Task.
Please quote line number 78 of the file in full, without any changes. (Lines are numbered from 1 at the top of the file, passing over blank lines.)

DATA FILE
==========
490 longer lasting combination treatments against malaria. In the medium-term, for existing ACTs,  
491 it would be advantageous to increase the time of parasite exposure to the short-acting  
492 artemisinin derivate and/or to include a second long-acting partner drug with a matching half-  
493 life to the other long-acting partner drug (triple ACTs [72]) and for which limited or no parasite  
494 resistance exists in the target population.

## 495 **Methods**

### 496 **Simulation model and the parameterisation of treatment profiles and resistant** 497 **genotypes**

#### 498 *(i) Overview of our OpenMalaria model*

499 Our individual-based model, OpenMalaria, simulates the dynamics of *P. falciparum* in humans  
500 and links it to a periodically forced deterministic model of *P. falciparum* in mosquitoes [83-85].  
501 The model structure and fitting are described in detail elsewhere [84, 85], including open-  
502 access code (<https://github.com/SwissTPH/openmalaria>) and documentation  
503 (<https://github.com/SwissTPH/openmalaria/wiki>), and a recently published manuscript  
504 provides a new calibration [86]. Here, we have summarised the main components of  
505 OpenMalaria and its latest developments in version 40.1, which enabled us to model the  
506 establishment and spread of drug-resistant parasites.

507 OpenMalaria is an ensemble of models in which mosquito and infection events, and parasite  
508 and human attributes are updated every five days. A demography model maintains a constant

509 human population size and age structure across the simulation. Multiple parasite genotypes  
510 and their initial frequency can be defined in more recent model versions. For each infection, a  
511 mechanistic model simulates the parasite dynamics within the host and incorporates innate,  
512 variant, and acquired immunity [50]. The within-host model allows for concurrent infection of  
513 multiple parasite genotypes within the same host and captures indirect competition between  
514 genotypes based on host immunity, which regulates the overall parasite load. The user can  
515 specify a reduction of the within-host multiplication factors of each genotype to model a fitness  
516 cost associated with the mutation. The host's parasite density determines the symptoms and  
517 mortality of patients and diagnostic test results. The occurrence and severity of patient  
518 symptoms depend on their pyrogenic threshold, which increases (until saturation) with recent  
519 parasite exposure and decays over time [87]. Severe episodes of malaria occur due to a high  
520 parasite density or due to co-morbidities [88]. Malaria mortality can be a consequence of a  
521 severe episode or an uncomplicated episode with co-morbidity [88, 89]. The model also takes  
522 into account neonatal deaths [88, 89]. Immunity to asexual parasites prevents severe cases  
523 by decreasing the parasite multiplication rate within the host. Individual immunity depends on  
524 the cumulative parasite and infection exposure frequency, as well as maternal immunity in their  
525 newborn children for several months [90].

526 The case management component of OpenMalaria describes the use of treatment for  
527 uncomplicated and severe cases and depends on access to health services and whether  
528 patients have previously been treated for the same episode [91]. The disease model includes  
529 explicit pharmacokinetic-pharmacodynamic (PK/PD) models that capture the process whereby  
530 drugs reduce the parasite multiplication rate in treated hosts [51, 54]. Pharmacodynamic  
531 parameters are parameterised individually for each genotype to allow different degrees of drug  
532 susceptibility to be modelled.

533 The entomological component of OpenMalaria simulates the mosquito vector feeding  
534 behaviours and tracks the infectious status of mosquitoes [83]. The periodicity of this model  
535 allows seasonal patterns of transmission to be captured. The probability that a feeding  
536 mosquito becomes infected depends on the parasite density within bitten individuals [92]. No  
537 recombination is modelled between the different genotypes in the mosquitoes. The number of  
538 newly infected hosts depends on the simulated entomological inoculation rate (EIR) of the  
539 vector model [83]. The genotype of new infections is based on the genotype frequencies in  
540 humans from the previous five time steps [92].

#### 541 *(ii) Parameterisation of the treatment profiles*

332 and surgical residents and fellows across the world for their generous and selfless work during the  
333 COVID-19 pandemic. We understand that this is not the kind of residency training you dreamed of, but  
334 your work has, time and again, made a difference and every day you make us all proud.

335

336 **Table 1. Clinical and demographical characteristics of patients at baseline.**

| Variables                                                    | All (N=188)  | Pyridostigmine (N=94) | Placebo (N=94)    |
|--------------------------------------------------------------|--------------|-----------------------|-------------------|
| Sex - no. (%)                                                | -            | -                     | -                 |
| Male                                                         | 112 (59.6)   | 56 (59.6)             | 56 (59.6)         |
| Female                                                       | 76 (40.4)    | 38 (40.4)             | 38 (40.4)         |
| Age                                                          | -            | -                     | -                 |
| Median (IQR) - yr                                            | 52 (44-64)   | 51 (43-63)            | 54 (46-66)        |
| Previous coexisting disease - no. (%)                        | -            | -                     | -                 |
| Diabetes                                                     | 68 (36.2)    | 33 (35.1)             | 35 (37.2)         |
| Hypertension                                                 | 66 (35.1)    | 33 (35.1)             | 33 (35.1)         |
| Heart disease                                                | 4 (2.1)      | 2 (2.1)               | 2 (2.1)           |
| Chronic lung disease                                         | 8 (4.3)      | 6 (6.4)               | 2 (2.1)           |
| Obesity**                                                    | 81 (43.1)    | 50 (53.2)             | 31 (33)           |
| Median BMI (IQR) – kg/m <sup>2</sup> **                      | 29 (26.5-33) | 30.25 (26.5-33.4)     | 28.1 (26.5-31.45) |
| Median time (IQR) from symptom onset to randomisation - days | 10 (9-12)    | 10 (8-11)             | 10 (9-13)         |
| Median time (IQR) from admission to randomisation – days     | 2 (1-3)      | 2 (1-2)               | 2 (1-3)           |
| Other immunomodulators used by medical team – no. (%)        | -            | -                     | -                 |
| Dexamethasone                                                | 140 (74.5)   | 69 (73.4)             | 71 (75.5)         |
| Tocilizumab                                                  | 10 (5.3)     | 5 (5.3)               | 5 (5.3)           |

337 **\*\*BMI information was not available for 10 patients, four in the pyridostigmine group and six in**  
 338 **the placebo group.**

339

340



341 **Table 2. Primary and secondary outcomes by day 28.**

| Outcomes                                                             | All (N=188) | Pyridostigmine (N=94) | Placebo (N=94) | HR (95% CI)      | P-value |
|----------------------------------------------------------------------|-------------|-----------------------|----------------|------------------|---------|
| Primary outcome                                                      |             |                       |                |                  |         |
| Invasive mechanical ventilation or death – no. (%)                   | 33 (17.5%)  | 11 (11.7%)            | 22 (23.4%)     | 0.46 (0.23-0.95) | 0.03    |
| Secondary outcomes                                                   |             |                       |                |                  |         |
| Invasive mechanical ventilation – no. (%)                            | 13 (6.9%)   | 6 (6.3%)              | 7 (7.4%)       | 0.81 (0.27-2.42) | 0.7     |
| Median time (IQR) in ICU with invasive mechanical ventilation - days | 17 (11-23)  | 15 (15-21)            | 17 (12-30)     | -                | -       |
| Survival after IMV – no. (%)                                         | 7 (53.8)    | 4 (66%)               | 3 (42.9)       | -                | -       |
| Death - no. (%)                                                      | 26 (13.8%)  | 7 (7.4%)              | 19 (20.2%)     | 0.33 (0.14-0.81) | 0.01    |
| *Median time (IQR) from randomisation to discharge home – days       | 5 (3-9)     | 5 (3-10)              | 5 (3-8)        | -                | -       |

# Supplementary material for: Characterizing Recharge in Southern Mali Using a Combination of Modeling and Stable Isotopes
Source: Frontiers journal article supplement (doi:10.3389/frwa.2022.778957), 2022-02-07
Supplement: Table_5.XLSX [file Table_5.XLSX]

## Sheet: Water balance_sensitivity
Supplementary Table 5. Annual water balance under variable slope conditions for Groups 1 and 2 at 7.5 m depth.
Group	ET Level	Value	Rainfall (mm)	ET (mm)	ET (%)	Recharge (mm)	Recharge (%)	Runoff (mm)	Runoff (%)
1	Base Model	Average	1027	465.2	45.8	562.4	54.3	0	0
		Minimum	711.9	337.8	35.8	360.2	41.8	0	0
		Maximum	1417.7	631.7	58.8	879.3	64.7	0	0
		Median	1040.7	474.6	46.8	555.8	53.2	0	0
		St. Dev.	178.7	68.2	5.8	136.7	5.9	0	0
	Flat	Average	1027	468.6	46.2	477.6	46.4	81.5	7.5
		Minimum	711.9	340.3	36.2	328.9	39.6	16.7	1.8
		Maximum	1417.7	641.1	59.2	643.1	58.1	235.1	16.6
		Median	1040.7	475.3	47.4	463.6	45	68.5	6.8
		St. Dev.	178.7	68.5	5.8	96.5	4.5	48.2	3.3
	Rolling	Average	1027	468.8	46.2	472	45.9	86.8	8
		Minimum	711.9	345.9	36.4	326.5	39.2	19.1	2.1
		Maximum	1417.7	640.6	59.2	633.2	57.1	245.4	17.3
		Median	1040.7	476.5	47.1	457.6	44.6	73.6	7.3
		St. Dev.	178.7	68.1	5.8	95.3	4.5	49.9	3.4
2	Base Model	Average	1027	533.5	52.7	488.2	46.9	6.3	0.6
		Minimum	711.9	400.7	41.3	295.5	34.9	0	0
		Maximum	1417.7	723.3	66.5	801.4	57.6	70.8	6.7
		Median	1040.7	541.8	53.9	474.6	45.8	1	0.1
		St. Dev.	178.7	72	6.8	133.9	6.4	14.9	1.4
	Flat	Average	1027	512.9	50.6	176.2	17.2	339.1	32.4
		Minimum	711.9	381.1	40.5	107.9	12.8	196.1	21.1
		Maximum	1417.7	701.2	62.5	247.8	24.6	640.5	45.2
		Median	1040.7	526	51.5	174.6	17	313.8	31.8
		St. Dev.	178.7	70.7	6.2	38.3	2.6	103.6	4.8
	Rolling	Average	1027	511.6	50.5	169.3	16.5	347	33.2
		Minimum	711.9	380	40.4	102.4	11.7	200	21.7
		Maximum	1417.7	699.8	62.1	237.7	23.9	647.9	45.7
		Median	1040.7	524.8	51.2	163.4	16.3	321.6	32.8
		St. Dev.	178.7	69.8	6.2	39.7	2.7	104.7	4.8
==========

339